Is content marketing right for your business?
Each day, marketers and small business owners make countless important decisions. From making hiring choices or operational resolutions to coffee orders and lunch spots, there’s no shortage of conviction needed to be an effective leader.
Most choices boil down to the same thing: how can I use the resources I have to achieve the best outcomes for my organisation? This usually requires sacrifice – undertaking one business activity instead of another.
In marketing, that could mean focusing on paid social promotion instead of a mascot out front (we hope at least) or scrapping the budget for certain ads entirely. At each fork in the road, you need to know ‘how can I get the most bang for my buck?’
One such fork may have introduced you to content marketing. Huh, you might think – sounds newfangled and expensive. We get where you’re coming from. Content marketing isn’t as straightforward as other endeavours. Campaigns are more subtle, ROI is measured differently and it’s all a bit confusing at first.
So if you’re faced with deciding whether content marketing is right for your small business, it’s important to get your head around the concept before making a call. Want some help? Here’s our guide.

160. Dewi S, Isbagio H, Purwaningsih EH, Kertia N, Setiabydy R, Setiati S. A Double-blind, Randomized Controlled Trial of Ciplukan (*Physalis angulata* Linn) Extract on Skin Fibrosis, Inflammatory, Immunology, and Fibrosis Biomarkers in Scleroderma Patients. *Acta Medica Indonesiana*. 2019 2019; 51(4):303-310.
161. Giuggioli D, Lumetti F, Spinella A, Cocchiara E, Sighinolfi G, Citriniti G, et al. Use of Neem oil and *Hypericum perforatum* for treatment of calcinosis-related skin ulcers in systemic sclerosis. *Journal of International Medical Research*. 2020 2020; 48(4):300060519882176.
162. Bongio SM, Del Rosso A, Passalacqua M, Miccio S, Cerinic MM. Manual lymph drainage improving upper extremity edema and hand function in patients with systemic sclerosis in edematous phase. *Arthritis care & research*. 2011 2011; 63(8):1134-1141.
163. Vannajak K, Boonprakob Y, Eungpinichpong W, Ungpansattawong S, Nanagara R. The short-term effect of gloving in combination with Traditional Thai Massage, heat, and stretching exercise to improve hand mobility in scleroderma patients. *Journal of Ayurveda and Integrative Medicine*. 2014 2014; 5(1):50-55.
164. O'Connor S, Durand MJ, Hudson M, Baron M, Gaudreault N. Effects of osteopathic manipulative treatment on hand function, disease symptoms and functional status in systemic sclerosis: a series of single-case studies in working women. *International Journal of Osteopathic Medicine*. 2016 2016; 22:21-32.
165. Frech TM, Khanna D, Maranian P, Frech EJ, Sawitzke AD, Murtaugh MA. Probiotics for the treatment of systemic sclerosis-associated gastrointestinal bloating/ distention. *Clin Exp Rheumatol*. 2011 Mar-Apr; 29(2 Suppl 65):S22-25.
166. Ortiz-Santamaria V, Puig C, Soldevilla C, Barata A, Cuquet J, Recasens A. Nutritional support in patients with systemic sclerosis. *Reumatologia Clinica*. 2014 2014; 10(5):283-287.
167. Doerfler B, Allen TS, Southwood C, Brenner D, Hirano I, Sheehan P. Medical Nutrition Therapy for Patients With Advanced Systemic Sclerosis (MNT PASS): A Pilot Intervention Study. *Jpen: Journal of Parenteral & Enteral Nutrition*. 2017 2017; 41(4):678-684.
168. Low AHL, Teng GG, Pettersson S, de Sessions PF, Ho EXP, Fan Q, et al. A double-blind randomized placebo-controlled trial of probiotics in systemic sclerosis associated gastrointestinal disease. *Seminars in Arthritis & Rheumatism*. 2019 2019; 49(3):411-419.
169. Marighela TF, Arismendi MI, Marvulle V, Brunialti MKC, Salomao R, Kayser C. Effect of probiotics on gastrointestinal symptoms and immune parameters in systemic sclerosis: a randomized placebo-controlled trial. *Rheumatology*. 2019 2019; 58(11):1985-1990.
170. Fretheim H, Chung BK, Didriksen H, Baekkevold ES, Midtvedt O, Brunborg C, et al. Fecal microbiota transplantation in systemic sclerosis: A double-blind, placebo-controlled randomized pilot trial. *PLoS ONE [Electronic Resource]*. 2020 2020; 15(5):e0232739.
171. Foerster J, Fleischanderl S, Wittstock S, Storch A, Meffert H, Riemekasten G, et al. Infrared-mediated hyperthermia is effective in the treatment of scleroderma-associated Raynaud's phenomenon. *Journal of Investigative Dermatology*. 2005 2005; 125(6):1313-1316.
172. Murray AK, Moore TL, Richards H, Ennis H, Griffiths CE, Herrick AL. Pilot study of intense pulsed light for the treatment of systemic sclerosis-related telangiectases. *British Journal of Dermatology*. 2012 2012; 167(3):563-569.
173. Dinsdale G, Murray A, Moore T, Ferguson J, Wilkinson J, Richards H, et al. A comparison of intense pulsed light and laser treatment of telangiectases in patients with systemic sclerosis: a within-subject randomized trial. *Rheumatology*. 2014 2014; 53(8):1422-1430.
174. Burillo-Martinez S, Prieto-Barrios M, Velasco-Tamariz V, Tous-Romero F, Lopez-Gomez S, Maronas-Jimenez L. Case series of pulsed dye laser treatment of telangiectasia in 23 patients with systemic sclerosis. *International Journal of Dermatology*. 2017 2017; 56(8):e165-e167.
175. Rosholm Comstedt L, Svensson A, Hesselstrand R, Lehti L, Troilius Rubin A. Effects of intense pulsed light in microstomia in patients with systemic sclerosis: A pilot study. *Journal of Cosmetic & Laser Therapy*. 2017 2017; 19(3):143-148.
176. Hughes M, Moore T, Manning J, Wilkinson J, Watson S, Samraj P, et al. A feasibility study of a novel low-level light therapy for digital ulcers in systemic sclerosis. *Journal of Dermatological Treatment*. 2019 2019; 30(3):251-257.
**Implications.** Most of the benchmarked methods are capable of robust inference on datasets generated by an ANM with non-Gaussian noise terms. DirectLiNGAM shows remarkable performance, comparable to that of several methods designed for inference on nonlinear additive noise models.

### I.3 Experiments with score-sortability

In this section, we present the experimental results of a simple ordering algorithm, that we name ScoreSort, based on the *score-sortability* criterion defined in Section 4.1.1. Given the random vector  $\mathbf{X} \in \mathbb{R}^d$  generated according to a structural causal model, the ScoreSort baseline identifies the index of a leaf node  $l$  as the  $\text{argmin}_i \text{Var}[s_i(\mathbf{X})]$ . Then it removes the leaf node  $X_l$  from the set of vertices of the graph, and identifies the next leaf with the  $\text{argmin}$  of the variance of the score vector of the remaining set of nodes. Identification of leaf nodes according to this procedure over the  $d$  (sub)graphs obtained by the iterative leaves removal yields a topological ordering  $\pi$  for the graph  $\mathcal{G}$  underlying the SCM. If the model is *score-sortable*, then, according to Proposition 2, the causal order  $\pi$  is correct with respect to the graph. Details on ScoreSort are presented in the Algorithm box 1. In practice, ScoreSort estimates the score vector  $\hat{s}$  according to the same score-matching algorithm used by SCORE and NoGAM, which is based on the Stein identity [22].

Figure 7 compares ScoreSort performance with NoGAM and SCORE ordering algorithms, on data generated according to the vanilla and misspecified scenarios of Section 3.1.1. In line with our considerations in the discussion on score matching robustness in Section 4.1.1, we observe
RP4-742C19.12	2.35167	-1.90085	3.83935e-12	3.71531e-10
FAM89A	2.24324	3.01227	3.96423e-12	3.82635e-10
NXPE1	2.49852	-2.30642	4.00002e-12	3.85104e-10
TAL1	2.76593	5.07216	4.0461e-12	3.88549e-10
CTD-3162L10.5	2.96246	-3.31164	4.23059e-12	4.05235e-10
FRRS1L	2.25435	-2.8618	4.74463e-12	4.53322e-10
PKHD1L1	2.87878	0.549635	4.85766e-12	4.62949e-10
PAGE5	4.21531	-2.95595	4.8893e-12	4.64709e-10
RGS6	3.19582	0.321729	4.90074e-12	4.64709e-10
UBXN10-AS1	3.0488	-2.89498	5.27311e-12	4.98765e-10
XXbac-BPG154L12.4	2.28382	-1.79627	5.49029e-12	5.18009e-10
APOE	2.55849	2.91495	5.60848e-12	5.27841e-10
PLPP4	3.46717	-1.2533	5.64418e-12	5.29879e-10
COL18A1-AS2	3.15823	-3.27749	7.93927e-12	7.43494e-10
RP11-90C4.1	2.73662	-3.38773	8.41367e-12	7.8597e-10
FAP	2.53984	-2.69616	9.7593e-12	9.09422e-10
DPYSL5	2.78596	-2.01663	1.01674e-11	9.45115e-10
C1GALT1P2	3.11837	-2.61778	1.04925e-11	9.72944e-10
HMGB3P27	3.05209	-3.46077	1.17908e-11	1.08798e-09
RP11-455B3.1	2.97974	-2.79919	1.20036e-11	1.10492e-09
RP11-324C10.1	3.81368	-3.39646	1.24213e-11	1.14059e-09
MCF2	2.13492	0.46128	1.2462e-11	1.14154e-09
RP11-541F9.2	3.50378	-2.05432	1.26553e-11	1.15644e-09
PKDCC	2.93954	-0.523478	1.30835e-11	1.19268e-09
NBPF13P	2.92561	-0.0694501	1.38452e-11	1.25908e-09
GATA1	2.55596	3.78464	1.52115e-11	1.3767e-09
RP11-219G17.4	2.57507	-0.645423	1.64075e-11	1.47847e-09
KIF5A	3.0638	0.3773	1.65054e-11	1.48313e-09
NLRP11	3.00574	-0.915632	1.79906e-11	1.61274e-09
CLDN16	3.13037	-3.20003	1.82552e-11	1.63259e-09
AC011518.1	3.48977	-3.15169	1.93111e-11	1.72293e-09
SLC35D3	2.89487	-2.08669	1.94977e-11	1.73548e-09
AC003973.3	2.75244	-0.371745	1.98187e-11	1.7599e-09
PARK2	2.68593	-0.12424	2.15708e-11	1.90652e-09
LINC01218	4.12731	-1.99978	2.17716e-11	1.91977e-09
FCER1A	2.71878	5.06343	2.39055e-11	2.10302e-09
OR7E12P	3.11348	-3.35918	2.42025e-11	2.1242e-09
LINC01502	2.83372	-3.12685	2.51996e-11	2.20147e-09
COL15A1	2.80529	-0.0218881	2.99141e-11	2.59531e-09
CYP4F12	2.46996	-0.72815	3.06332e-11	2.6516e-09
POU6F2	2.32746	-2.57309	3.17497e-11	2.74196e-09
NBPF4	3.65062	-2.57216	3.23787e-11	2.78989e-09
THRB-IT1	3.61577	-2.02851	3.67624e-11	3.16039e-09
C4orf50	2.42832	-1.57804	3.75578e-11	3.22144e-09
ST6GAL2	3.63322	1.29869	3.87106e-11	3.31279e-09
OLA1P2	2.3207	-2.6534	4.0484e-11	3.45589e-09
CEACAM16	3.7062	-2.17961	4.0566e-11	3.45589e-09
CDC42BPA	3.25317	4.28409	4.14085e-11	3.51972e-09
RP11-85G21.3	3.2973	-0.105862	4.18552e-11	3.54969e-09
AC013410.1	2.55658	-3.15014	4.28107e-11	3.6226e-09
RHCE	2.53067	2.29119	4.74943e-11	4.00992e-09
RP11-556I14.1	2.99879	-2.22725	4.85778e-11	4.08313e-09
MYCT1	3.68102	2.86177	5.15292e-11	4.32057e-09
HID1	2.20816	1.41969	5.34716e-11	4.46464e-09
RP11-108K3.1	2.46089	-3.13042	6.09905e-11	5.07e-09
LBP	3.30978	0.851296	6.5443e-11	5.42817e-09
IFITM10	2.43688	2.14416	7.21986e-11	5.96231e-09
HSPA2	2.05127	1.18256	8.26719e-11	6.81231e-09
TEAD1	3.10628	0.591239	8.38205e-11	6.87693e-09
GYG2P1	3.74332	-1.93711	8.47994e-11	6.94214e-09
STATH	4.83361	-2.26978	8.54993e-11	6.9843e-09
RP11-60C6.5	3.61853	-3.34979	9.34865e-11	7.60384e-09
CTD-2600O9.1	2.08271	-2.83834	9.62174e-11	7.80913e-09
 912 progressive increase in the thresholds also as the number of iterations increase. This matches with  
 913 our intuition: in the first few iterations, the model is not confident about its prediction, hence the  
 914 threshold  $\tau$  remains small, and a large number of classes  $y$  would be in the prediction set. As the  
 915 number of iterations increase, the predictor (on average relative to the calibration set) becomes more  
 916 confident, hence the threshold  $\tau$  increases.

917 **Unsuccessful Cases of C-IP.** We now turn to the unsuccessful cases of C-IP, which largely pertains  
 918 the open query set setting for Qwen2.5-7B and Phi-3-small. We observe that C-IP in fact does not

What is content marketing and how does it work?
Simply put, content marketing is the use of content to achieve your business’ marketing goals. You want brand awareness? Use content. Need to communicate better with potential customers? There’s content for that too. Chasing leads? You guessed it, create suitable content once again.
But what is content?
We can’t say it better than marketing expert, Ian Lurie, who states, “Content is anything that communicates a message to the audience. Anything.”
That includes product descriptions, landing pages, emails, newsletters, social posts, videos, infographics, blog articles – need we go on?
The next natural question is, ‘but how does this stuff help me meet my marketing goals?’